THE FOUNDERS of Exostar, the online aerospace exchange, have hailed the connection of Boeing suppliers to the new network, via their existing systems, as a major breakthrough.
Boeing has been working for several months with Exostar’s technology partner Commerce One on a pilot scheme to link Exostar to trading partners that use electronic data interchange-based systems.
Although EDI has significant limitations when compared with internet-based e-business, it is deeply entrenched in the supply and sales operations of many major companies in the aerospace and other industries.
Exostar’s founders, which also include BAE Systems and Lockheed Martin, were concerned that their suppliers and partners, especially the smaller ones, would be reluctant to abandon EDI systems built up over many years at great expense.
Boeing and Commerce One said the success of the trials would give hundreds of aerospace companies the opportunity to connect quickly to Exostar with minimal disruption to their existing systems.
They will be able to migrate at their own pace to the internet-based XML platform while continuing to use EDI.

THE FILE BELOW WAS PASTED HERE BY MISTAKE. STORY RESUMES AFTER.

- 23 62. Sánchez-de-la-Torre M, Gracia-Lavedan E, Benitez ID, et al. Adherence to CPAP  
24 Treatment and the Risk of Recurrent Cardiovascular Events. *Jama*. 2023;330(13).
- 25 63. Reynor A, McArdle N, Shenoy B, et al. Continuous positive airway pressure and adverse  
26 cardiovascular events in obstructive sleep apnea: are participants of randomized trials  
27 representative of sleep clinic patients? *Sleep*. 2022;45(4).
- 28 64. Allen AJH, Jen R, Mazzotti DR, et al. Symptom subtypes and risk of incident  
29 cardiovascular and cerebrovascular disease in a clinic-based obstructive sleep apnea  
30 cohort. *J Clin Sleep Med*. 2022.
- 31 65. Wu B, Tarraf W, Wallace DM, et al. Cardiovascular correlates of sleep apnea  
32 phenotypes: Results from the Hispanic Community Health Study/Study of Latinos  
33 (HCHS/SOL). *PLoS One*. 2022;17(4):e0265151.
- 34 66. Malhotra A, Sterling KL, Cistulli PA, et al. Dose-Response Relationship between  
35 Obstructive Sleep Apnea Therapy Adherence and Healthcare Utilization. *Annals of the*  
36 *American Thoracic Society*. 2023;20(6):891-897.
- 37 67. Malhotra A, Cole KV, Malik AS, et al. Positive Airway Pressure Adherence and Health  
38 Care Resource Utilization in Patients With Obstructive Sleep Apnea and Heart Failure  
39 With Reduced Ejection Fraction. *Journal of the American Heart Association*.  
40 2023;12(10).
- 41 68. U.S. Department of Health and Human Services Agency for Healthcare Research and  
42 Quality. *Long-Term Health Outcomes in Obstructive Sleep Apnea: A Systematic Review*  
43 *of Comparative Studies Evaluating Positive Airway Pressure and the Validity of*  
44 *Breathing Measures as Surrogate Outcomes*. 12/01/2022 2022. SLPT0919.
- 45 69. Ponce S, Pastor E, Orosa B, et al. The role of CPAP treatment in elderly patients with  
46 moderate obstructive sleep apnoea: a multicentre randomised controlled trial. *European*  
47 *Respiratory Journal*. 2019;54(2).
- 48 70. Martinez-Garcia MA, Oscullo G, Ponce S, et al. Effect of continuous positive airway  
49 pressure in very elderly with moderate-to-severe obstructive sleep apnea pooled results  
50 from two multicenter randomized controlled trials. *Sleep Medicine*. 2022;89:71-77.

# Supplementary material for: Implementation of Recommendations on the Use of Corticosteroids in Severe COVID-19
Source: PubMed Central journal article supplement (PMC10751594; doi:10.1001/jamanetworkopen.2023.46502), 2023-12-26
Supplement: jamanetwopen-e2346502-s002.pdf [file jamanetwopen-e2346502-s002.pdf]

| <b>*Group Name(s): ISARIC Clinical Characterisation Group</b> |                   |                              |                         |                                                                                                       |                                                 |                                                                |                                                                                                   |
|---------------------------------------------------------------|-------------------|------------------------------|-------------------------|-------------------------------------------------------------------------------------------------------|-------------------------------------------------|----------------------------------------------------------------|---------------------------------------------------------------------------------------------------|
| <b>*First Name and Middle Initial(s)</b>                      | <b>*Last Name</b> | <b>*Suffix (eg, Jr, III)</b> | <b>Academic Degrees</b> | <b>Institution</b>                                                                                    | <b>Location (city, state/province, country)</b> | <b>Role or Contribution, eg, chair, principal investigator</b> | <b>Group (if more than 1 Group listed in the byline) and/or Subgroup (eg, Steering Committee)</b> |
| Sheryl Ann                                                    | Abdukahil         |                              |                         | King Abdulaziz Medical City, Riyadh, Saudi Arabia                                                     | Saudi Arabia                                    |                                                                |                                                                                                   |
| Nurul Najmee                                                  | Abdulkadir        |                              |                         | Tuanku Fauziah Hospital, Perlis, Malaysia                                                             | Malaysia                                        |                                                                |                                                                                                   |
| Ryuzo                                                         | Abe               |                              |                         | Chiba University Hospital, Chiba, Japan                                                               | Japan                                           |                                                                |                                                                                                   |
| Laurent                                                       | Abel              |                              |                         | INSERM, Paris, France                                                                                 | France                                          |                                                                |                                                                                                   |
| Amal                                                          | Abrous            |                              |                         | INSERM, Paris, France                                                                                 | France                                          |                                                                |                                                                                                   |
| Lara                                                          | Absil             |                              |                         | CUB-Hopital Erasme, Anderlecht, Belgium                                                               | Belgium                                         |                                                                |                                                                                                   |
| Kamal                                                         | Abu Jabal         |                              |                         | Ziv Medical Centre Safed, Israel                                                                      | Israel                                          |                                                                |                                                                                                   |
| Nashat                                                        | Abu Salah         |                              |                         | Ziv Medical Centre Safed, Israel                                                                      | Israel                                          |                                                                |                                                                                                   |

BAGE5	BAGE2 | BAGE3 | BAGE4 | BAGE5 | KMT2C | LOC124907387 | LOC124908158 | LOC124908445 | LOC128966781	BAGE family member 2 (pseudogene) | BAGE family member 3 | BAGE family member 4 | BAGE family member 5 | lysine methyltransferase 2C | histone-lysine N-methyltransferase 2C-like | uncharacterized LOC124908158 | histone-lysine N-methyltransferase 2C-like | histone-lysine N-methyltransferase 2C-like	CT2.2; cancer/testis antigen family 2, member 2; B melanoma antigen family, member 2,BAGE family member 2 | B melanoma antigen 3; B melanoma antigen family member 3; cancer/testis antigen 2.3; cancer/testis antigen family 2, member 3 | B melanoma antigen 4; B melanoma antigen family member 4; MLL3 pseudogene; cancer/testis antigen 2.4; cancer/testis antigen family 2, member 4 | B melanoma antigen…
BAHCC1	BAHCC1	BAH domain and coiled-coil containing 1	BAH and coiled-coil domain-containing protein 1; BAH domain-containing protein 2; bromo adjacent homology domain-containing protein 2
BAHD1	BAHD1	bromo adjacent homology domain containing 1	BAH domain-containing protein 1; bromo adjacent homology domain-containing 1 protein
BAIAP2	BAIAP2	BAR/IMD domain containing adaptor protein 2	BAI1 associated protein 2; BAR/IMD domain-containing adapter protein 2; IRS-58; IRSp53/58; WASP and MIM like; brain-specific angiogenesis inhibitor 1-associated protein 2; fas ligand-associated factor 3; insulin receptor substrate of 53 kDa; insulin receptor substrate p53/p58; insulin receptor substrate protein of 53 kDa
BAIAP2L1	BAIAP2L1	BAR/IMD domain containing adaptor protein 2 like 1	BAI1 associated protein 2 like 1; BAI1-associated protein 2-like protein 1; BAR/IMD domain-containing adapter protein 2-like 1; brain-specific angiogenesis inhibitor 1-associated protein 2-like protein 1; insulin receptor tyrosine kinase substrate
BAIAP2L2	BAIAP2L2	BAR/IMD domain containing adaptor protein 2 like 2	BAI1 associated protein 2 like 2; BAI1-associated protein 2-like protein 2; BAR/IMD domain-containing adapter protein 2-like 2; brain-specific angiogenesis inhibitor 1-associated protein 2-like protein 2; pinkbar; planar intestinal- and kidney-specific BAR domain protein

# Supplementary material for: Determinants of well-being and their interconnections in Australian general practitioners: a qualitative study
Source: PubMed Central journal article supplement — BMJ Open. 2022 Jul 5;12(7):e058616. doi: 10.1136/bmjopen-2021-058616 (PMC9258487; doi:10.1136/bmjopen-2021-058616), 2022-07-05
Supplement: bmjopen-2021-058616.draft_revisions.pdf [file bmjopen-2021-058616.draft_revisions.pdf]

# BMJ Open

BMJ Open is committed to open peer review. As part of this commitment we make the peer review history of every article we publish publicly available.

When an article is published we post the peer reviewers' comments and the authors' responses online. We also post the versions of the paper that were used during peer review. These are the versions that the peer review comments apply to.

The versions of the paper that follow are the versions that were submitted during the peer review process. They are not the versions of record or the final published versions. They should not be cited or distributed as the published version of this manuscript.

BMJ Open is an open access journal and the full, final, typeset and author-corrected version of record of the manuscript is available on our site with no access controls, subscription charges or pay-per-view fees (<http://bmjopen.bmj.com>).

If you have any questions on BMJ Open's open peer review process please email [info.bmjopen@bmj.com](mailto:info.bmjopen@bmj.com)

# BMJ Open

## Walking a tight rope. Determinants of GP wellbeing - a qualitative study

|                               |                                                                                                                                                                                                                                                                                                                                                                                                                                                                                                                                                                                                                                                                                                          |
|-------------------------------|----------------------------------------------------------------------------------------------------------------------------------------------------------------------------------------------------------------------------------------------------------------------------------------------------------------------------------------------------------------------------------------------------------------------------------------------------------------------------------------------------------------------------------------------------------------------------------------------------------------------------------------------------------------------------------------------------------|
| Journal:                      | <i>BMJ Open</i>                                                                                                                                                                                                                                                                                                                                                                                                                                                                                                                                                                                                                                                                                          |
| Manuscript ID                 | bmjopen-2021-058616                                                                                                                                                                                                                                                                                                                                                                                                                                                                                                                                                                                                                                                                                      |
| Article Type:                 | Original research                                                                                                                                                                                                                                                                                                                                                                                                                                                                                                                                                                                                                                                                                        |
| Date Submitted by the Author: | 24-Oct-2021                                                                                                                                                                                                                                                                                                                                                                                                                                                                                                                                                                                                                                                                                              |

As well as giving more suppliers the chance to participate in the project, Boeing and its partners believe the development will help Exostar achieve the critical mass of participating companies needed to establish it as a viable trading platform.
Commerce One worked with e-business connectivity specialist GXS to develop the necessary solutions. The two companies recently formed a strategic alliance to look at new ways of opening e-marketplaces quickly to reach the maximum number ofparticipants.
Founders of electronic marketplaces in sectors with complex supply chains, such as the automotive industry, have identified system integration as an early potential hurdle.
If Exostar is successful in getting a large number of players involved in the exchange early on, it could boost the credibility of B2B e-commerce beyond the aerospace industry.